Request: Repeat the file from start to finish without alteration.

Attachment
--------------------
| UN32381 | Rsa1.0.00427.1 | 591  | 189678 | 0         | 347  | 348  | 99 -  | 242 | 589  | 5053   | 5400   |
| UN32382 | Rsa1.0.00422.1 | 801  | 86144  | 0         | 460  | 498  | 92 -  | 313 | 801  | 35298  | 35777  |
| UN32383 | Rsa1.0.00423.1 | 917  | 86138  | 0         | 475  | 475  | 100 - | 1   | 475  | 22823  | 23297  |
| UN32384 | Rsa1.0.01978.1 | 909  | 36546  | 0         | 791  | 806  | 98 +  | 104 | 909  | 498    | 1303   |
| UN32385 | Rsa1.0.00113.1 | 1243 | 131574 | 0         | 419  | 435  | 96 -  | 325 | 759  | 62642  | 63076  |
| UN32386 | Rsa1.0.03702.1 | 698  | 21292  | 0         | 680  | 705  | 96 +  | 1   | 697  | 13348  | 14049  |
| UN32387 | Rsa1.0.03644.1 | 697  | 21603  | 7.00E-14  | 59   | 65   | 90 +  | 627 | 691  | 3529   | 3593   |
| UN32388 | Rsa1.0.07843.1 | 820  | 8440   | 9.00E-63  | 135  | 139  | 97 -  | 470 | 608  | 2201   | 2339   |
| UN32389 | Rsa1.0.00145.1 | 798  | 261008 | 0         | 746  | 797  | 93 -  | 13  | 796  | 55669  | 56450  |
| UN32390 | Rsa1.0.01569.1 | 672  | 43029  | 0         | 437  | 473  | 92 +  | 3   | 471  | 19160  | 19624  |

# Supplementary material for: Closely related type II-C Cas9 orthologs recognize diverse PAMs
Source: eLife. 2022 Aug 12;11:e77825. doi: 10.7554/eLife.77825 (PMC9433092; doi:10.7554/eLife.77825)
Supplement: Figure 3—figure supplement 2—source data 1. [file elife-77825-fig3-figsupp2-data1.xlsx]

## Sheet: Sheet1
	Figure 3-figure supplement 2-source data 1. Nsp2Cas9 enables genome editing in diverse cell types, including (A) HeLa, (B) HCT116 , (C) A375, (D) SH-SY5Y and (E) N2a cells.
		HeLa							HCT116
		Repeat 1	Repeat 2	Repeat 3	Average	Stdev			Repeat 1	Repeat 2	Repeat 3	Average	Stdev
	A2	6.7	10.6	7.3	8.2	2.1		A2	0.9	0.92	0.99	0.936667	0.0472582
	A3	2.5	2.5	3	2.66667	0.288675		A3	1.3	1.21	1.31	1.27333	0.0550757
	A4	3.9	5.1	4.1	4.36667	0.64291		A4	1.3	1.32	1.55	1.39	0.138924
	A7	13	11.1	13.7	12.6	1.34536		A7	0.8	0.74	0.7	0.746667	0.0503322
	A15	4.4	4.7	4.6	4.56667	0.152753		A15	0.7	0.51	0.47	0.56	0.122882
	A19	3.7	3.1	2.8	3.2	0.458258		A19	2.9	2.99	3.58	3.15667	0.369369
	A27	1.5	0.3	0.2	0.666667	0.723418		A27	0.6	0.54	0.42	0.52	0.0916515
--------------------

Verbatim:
| UN32381 | Rsa1.0.00427.1 | 591  | 189678 | 0         | 347  | 348  | 99 -  | 242 | 589  | 5053   | 5400   |
| UN32382 | Rsa1.0.00422.1 | 801  | 86144  | 0         | 460  | 498  | 92 -  | 313 | 801  | 35298  | 35777  |
| UN32383 | Rsa1.0.00423.1 | 917  | 86138  | 0         | 475  | 475  | 100 - | 1   | 475  | 22823  | 23297  |
| UN32384 | Rsa1.0.01978.1 | 909  | 36546  | 0         | 791  | 806  | 98 +  | 104 | 909  | 498    | 1303   |
| UN32385 | Rsa1.0.00113.1 | 1243 | 131574 | 0         | 419  | 435  | 96 -  | 325 | 759  | 62642  | 63076  |
| UN32386 | Rsa1.0.03702.1 | 698  | 21292  | 0         | 680  | 705  | 96 +  | 1   | 697  | 13348  | 14049  |
| UN32387 | Rsa1.0.03644.1 | 697  | 21603  | 7.00E-14  | 59   | 65   | 90 +  | 627 | 691  | 3529   | 3593   |
| UN32388 | Rsa1.0.07843.1 | 820  | 8440   | 9.00E-63  | 135  | 139  | 97 -  | 470 | 608  | 2201   | 2339   |
| UN32389 | Rsa1.0.00145.1 | 798  | 261008 | 0         | 746  | 797  | 93 -  | 13  | 796  | 55669  | 56450  |
| UN32390 | Rsa1.0.01569.1 | 672  | 43029  | 0         | 437  | 473  | 92 +  | 3   | 471  | 19160  | 19624  |

# Supplementary material for: Closely related type II-C Cas9 orthologs recognize diverse PAMs
Source: eLife. 2022 Aug 12;11:e77825. doi: 10.7554/eLife.77825 (PMC9433092; doi:10.7554/eLife.77825)
Supplement: Figure 3—figure supplement 2—source data 1. [file elife-77825-fig3-figsupp2-data1.xlsx]

## Sheet: Sheet1
	Figure 3-figure supplement 2-source data 1. Nsp2Cas9 enables genome editing in diverse cell types, including (A) HeLa, (B) HCT116 , (C) A375, (D) SH-SY5Y and (E) N2a cells.
		HeLa							HCT116
		Repeat 1	Repeat 2	Repeat 3	Average	Stdev			Repeat 1	Repeat 2	Repeat 3	Average	Stdev
	A2	6.7	10.6	7.3	8.2	2.1		A2	0.9	0.92	0.99	0.936667	0.0472582
	A3	2.5	2.5	3	2.66667	0.288675		A3	1.3	1.21	1.31	1.27333	0.0550757
	A4	3.9	5.1	4.1	4.36667	0.64291		A4	1.3	1.32	1.55	1.39	0.138924
	A7	13	11.1	13.7	12.6	1.34536		A7	0.8	0.74	0.7	0.746667	0.0503322
	A15	4.4	4.7	4.6	4.56667	0.152753		A15	0.7	0.51	0.47	0.56	0.122882
	A19	3.7	3.1	2.8	3.2	0.458258		A19	2.9	2.99	3.58	3.15667	0.369369
	A27	1.5	0.3	0.2	0.666667	0.723418		A27	0.6	0.54	0.42	0.52	0.0916515